Thursday, February 18, 2016

Marital & Family Law: Bankruptcy and Domestic Support Obligations

By Alfred Villoch III

       An ex-spouse has fallen behind on alimony and now filed bankruptcy. That alimony will be discharged in the bankruptcy case, right?

       Not so fast. An ex-spouse cannot simply walk away from alimony, whether past, present, or future, by filing a bankruptcy case. Under Bankruptcy Code § 523, 11 U.S.C. § 523(a)(5), a debtor is not entitled to discharge any debt for a domestic support obligation, including alimony. 11 U.S.C. §§ 523(a)(5), (15).

       In fact, a bankruptcy court will not consider modification of alimony or other domestic support obligations,* like child support. This complete hands-off approach might seem harsh to some at first, but Congress wrote the Bankruptcy Code so that a person could not use “the protection of a bankruptcy filing in order to avoid legitimate marital and child support obligations.” In re Proyect, 503 B.R. 765, 773 (Bankr. N.D. Ga. 2013) (quoting H.R. Rep. No. 103-835, at 54 (Oct. 4, 1994), reprinted in 1994 U.S.C.C.A.N. 3340, 3363).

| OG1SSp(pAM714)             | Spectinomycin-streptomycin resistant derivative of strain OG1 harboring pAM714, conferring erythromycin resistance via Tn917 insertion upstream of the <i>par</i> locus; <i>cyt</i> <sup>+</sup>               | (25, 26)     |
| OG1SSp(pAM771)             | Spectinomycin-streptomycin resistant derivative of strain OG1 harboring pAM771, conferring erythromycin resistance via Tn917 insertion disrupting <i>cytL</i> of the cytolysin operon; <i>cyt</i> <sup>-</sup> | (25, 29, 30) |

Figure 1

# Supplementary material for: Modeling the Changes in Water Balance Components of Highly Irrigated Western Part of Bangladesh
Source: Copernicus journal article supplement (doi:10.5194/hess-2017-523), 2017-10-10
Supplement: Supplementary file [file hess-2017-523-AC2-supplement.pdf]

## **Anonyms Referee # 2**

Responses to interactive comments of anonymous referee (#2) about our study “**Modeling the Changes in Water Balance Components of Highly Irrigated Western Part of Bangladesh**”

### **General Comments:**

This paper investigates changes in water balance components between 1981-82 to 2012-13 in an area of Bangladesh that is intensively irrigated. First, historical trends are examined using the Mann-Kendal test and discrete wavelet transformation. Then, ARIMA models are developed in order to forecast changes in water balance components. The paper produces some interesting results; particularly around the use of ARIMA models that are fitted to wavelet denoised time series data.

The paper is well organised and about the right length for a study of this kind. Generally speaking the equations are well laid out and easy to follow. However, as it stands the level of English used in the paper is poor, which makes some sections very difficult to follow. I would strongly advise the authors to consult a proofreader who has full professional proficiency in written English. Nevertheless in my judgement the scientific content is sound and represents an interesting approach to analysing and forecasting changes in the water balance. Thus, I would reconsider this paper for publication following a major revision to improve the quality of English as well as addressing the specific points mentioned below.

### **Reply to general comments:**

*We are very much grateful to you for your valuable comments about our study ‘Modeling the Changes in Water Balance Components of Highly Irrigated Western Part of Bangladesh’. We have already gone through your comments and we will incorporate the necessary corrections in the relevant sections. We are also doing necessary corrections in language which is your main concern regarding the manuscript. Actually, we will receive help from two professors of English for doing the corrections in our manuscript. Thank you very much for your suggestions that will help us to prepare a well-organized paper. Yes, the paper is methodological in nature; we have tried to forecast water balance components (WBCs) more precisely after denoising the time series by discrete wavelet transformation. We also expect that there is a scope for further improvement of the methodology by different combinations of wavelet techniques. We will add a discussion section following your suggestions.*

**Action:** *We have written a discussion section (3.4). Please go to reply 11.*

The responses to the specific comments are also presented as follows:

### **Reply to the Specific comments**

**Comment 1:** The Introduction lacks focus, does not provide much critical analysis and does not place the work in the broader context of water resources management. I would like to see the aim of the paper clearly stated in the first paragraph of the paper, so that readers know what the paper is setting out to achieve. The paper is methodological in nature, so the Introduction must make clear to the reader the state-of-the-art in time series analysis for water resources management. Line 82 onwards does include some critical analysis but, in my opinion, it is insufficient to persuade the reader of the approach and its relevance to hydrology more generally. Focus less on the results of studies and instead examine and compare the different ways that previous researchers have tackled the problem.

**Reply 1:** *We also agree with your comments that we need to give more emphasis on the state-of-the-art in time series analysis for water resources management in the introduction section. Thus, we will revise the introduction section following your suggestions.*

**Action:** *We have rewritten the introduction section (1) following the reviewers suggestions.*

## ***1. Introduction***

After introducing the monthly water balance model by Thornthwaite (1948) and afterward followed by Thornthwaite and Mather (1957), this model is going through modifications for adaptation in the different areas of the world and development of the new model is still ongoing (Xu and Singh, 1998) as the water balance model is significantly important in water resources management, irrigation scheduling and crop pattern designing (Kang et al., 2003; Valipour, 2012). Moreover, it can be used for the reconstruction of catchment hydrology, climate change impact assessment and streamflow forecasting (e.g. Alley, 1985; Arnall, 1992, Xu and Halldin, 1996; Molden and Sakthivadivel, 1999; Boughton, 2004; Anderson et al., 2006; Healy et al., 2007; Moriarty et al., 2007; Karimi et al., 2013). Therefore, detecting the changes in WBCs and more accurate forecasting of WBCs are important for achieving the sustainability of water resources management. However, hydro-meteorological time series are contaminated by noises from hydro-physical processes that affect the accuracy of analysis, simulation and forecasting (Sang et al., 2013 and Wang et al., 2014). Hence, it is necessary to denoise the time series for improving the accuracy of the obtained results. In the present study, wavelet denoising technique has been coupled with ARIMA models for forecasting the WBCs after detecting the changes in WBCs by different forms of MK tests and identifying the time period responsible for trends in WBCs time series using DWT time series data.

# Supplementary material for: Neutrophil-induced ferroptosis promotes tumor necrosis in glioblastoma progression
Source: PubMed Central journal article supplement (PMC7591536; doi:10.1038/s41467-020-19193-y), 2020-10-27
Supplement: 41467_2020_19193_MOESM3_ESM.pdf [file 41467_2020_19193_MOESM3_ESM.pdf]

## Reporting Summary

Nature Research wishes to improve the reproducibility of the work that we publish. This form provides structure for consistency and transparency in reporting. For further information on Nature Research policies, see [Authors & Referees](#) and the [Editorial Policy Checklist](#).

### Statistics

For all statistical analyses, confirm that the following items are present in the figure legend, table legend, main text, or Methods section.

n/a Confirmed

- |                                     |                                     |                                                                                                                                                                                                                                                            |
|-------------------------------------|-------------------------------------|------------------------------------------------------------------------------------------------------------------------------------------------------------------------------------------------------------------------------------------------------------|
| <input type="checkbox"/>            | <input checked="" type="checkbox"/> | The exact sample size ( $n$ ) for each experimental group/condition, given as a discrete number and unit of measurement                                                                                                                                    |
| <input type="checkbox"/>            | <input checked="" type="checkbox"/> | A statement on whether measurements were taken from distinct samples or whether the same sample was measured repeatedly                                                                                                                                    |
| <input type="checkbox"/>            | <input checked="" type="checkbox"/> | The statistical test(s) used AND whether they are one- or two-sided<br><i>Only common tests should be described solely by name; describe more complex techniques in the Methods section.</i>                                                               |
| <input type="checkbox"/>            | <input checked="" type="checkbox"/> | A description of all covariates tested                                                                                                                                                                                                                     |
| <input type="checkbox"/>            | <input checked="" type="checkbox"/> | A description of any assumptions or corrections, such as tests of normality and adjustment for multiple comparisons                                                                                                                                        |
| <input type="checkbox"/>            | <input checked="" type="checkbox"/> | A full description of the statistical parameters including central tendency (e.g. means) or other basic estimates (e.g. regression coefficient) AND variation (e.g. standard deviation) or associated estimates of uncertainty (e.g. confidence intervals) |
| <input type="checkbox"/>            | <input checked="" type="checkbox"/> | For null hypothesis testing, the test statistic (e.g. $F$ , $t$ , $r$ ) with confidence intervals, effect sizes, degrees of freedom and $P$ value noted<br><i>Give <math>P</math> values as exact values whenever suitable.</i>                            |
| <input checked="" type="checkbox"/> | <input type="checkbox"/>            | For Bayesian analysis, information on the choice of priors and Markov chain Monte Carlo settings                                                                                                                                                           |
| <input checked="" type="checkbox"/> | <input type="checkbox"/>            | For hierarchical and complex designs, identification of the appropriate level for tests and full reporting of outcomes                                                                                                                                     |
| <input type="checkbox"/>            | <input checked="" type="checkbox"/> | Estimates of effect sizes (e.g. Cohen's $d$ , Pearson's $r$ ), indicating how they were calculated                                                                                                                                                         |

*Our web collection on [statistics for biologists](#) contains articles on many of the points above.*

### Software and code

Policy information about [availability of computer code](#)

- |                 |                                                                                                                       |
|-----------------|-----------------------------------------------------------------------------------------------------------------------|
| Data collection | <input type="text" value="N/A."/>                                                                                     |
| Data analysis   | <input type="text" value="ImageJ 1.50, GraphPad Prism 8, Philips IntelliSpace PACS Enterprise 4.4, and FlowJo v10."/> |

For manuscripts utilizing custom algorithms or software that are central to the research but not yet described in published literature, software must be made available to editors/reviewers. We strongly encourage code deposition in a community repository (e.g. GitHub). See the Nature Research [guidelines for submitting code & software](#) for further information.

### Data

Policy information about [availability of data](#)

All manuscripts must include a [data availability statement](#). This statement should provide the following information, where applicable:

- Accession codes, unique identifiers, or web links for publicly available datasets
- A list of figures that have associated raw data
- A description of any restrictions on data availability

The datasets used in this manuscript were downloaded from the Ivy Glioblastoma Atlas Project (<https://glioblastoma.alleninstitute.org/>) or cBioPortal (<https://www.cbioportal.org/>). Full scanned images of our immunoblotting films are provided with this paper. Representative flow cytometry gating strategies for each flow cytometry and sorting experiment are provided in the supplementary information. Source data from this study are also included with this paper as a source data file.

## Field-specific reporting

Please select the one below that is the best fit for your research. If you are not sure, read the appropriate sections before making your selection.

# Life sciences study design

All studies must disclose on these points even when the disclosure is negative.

An ex-spouse is not without recourse, however. Rather than file for bankruptcy, an ex-spouse may still turn to the state divorce court itself to modify the alimony and child support for the same financial reasons that would lead to or underlie a bankruptcy filing.

      Also, there is still some hope in bankruptcy. In certain limited instances, an ex-spouse in bankruptcy might argue that “what they owe” is not truly alimony or a domestic support obligation. For example, what if the state divorce court orders the ex-spouse to pay the other ex-spouse’s attorneys’ fees and costs? If the fees and costs awarded are punitive and not in the nature of support, then it may be possible to modify or discharge that obligation in bankruptcy.

       Bankruptcy courts look at the substance of the support obligation, largely disregarding what the parties call it. Cummings v. Cummings, 244 F.3d 1263, 1265 (11th Cir. 2001). The question is whether the obligation is “in the nature of support.” A debt is “in the nature of support” if, at the time the debt was created, the parties intended the obligation to function as support. The key determination in whether a debt is non-dischargeable alimony or a domestic support obligation under the Bankruptcy Code is the intent of the parties.

       In short, an ex-spouse cannot simply throw up his or her hands and file bankruptcy to avoid or modify alimony. Bankruptcy courts will only recharacterize and discharge a domestic support obligation if evidence shows that it is not in the nature of alimony, maintenance, or support.

* Note: “Domestic support obligation” is a broad term defined by the Bankruptcy Code and includes alimony, child support, and anything that is in the nature of alimony, maintenance, and support. 11 U.S.C. § 101(14A).